May 13th, 2012

La Loge

February House

It never rains but it pours.  In this case, plays.  We notice that things are about to close, or friends suggest something they'd like to see, then somebody offers an extra ticket, and what do we say?  "Sorry, we're going out a lot this week, we've got work to do?"  Nooooo.  We say, "Yes, please; we'd love to."  And we do.  That adds up to five this week--counting today.

First up was February House at the Public Theater.  This was a double-date with new friends, who love the theater as much as we do.  I knew it was a musical, and that it was about a boarding house in Brooklyn in 1940 where a bunch of musicians and writers lived, but that's it.  I love the Public and I love not knowing what I'm in for, so all systems were go for a pleasant evening.  And that's what I got--and maybe a little bit more besides. 

February House is a musical in the tradition of late Sondheim and plays like Light in the Piazza rather than Gypsy or Carousel.  There's nothing like a production number, no dancing (except a little light ballroom during a rent party), no chorus, a tiny cast, no lead, ingenue, antagonist, second lead, or clown figure.  There's not even, strictly speaking, a protagonist, since the focus of the play shifts from character to character depending on what's going on in the world and in their intertwined lives.  Insofar as there is a center to the play, it's George Davis (played by Julian Fleisher), who opened the down-at-heels February House in 1940 as a kind of artistic flophouse, and whose "writer's menagerie" included Carson McCullers, W.H. Auden and his lover Chester Kallman, Benjamin Britten and Peter Pears, Erika Mann (Thomas Mann's activist daughter), and Gypsy Rose Lee, who wrote The G-String Murders there.  What he wanted to create was a safe haven for the rum, the gay, the unsure, and the dispossessed, a family that would accept same-sex love and weather artistic tantrums and foster new and wonderful novels, plays, operas, poems, and relationships.  In a limited way, he succeeded--the limitation being the twin realities of WWII and the abject poverty of everybody involved in the project, which often set leaking roofs, broken furnaces, skimpy dinners, cut-off telephones, and bedbugs between the artists and any hope of creating their art.  But before the experiment falls apart, a great deal manages to get said, entertainingly, about growing up different, about love, about the political and the personal, about what makes a family, and about the ways in which artists are and are not just like everybody else.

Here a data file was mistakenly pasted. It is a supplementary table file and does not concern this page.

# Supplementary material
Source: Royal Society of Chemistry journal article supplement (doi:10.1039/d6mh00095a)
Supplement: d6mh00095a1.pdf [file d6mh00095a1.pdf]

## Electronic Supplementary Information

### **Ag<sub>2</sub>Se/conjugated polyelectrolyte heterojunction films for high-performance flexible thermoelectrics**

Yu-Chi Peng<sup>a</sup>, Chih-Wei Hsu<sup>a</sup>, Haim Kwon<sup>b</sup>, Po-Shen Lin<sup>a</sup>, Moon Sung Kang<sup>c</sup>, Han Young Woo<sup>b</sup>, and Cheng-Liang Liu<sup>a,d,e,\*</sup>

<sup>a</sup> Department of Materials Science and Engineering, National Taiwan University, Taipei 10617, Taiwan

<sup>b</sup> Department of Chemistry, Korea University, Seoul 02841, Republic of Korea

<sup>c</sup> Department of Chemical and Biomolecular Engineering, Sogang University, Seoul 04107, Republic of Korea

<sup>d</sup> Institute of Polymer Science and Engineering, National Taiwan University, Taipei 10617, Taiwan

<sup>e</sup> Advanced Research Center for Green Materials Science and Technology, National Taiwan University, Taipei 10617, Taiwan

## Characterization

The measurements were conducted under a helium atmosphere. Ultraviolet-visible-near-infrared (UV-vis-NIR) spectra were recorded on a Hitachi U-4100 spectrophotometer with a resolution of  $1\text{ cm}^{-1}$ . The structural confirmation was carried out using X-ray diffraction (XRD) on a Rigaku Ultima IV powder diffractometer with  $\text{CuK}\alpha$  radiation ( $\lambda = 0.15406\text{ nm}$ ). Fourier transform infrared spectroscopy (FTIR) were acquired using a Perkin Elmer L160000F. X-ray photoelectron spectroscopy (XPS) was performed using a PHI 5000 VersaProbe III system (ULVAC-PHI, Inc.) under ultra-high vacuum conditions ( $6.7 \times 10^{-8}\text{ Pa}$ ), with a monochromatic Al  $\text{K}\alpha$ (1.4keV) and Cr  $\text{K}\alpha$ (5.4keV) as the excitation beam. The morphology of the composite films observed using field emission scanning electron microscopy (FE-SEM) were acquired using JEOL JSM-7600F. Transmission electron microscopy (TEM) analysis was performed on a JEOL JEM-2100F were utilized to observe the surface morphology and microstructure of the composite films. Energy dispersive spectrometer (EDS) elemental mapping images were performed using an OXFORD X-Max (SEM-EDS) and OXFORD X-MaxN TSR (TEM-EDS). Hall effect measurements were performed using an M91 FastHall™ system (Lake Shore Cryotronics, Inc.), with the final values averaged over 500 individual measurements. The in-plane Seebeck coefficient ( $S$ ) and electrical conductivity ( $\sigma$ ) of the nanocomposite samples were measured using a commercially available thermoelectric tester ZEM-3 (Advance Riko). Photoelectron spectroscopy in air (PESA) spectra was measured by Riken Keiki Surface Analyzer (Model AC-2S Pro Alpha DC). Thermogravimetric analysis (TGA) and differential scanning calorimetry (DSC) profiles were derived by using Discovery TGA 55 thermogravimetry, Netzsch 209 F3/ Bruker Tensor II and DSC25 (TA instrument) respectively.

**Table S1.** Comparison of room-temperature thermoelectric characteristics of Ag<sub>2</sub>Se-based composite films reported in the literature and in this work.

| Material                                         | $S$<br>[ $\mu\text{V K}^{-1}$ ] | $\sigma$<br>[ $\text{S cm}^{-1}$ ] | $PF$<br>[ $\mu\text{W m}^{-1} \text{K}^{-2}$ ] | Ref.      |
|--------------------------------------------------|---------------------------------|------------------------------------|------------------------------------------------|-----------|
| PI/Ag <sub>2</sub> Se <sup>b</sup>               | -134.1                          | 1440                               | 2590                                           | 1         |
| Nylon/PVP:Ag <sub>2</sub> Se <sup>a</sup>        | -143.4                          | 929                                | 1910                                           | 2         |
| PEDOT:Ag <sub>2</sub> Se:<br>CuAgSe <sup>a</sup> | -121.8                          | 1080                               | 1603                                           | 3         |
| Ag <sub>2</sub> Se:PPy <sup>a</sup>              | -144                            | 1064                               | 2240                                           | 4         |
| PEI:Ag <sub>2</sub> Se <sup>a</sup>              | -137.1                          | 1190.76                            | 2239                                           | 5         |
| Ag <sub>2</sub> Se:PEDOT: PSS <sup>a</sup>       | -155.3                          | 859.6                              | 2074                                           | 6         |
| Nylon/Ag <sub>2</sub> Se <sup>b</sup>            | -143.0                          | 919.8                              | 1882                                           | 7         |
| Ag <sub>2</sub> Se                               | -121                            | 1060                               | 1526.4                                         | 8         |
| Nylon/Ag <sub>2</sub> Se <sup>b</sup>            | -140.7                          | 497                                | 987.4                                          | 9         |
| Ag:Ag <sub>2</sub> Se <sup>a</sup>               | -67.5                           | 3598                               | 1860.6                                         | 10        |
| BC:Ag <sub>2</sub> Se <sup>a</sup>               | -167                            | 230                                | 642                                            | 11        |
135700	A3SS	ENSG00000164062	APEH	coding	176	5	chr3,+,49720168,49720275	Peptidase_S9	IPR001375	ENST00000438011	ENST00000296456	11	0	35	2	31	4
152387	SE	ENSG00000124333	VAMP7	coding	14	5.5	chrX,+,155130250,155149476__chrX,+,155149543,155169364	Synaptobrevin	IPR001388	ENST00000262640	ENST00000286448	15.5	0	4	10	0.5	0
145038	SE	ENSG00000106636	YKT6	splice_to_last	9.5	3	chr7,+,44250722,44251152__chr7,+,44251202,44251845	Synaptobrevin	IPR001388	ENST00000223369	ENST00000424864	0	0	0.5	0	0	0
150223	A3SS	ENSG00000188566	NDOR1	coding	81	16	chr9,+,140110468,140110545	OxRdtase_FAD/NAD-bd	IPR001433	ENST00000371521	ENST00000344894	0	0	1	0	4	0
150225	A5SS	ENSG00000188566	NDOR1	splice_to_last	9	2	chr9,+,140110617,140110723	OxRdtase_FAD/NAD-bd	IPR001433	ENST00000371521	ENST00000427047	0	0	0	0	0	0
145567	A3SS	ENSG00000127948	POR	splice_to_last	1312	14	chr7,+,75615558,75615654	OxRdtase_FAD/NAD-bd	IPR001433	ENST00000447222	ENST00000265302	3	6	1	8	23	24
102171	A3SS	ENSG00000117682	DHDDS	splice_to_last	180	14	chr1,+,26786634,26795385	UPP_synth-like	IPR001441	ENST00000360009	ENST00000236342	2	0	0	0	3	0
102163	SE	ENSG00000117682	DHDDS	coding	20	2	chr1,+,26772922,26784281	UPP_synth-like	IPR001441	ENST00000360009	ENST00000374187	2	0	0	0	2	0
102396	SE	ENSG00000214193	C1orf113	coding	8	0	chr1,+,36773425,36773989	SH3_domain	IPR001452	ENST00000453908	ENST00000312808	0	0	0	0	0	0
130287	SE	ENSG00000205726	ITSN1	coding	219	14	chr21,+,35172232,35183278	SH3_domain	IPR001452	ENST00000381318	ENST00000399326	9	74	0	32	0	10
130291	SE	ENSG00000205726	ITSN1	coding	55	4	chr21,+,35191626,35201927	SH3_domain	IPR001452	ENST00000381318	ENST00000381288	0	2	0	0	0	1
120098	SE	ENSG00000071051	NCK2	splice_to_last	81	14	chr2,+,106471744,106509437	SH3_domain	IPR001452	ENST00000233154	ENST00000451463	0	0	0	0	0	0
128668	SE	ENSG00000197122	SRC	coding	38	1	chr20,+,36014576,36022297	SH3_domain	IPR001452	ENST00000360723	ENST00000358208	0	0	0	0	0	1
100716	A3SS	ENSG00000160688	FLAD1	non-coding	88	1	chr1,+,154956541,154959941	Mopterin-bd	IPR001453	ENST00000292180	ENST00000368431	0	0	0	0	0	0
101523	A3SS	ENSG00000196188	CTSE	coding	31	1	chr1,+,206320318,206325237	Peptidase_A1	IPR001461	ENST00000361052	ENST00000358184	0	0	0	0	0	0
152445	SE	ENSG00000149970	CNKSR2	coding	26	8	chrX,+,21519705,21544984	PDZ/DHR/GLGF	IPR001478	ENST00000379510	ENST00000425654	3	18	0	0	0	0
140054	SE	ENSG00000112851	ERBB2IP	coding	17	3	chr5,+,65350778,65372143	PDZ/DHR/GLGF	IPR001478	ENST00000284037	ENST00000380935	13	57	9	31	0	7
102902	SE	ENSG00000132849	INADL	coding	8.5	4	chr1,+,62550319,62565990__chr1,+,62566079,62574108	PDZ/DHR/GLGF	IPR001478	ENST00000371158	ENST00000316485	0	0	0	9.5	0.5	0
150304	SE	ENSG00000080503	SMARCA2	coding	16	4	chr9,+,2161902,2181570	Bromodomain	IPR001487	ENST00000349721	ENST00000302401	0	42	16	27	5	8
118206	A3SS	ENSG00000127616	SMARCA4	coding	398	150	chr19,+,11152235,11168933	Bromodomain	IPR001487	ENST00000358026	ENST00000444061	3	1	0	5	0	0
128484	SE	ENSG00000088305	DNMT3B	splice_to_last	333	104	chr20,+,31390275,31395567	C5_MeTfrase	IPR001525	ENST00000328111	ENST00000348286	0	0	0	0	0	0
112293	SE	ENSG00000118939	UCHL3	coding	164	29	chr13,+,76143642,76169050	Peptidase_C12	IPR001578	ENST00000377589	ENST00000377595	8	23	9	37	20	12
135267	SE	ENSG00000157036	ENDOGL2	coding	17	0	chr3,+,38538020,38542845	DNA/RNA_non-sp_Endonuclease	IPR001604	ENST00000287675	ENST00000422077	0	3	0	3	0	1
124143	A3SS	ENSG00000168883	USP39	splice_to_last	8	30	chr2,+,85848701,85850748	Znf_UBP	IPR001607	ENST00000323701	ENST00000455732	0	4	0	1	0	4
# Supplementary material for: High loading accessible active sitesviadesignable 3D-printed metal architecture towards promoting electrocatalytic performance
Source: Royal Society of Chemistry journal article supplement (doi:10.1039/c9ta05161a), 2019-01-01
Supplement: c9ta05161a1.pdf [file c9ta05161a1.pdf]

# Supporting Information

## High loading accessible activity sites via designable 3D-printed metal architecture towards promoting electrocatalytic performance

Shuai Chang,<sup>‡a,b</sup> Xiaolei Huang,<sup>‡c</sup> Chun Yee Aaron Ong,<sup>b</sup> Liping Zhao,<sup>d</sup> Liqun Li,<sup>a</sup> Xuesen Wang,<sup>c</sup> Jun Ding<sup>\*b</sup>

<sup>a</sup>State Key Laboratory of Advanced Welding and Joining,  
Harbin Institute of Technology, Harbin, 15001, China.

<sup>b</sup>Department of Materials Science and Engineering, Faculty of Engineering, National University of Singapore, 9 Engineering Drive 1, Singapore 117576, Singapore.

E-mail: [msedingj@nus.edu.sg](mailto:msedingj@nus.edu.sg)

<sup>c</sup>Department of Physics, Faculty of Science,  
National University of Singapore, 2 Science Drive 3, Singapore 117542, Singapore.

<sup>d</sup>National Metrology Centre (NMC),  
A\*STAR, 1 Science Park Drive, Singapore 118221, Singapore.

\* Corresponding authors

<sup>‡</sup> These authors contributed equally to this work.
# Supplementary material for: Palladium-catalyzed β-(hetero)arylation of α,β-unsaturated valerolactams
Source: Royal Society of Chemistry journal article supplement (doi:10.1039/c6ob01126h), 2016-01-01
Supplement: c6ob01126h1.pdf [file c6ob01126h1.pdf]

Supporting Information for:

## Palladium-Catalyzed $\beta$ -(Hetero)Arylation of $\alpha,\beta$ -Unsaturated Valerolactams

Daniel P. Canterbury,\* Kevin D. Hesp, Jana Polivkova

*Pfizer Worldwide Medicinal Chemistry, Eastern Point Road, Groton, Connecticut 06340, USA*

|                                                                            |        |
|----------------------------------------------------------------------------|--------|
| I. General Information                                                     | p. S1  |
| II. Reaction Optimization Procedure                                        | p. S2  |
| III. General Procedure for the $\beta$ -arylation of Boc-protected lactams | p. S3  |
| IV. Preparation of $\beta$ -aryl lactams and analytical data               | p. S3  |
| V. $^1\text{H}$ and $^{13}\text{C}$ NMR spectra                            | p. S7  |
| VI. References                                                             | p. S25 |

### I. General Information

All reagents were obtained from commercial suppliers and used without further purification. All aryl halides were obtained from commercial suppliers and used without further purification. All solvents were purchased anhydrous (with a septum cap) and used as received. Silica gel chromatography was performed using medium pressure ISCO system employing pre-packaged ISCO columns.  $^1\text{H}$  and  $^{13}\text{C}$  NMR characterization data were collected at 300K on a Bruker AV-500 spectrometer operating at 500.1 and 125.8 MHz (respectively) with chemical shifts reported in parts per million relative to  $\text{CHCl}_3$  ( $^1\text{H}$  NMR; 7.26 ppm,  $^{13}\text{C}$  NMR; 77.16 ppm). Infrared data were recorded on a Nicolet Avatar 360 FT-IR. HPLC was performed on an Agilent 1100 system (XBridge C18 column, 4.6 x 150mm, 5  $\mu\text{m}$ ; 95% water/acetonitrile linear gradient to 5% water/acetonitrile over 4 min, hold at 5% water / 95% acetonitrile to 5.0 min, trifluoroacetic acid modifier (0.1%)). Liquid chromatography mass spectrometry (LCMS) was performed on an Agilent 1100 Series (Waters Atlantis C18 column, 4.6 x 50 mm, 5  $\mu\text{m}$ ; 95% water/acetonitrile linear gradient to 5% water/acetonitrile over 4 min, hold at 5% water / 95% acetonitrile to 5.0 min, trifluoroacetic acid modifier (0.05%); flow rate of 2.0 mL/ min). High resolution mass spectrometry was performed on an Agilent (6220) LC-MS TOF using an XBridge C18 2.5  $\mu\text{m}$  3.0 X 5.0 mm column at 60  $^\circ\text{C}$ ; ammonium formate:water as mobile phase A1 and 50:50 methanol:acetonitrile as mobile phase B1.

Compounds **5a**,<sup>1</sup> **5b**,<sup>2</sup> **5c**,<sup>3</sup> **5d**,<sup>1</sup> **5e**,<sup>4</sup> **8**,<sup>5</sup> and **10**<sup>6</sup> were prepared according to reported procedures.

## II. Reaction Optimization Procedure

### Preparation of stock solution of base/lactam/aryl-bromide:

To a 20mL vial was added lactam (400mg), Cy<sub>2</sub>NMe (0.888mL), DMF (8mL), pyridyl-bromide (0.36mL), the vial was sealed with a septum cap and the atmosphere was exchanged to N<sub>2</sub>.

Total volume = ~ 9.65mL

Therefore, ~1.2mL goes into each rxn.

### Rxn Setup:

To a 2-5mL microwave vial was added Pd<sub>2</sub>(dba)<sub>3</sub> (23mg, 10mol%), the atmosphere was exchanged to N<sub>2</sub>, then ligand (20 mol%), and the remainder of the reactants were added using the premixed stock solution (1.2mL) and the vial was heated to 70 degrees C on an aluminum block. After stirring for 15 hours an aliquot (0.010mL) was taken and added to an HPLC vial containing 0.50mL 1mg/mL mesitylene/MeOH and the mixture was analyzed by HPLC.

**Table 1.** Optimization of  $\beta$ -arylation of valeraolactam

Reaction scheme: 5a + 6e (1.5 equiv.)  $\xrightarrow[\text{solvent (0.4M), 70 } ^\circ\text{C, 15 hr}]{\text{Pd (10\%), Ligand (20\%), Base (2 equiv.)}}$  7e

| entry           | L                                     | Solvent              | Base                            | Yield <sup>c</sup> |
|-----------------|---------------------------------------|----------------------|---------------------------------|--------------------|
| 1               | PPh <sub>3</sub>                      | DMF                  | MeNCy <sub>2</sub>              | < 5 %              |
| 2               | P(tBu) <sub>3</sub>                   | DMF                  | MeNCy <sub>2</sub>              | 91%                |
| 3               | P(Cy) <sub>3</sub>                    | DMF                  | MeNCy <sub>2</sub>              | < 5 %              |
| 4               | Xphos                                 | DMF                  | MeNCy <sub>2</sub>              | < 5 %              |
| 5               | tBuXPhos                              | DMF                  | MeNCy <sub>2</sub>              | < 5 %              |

All this unfolds over two very long acts.  It's worth saying that I noticed how long they were (especially Act I) because my butt got numb rather than because I was bored.  I wasn't.  The dialogue was clever, the speeches and situations moved fast and neatly.   There is no actual plot, although each character has something like a psychological arc, delivered mostly in individual ballads.  The communal life of the boarding house is traced in wonderful ensemble pieces (I've lost the song-list, sadly--it wasn't printed in the program) full of clever lyrics and some very clever staging.  I was particularly impressed by the music, which sounds more modern classical than pop, shading into quotations from Britten (Ellen said--I don't know this music well enough to know) and other mid-century modernist composers without ever going full-on 12-tone (except for comic effect).  Gypsy Rose Lee's burlesque hymn to intelligent men is a total delight, as is Britten and Pear's duet on the subject of bed bugs.  The singing was assured, nuanced, and totally unmiked, which I appreciated, even though it meant I missed a few words of lyric.

OK, I have to leave now, so I can go see two (!) more plays:  Gentlemen Prefer Blonds with Ellen's Uncle Ron and Fabulation of the Re-Education of Undine in Brooklyn.  Don't know when I'll catch up--we're leaving for WisCon on Thursday.  But I'll make notes and do my best, because everything I've seen makes me want to share.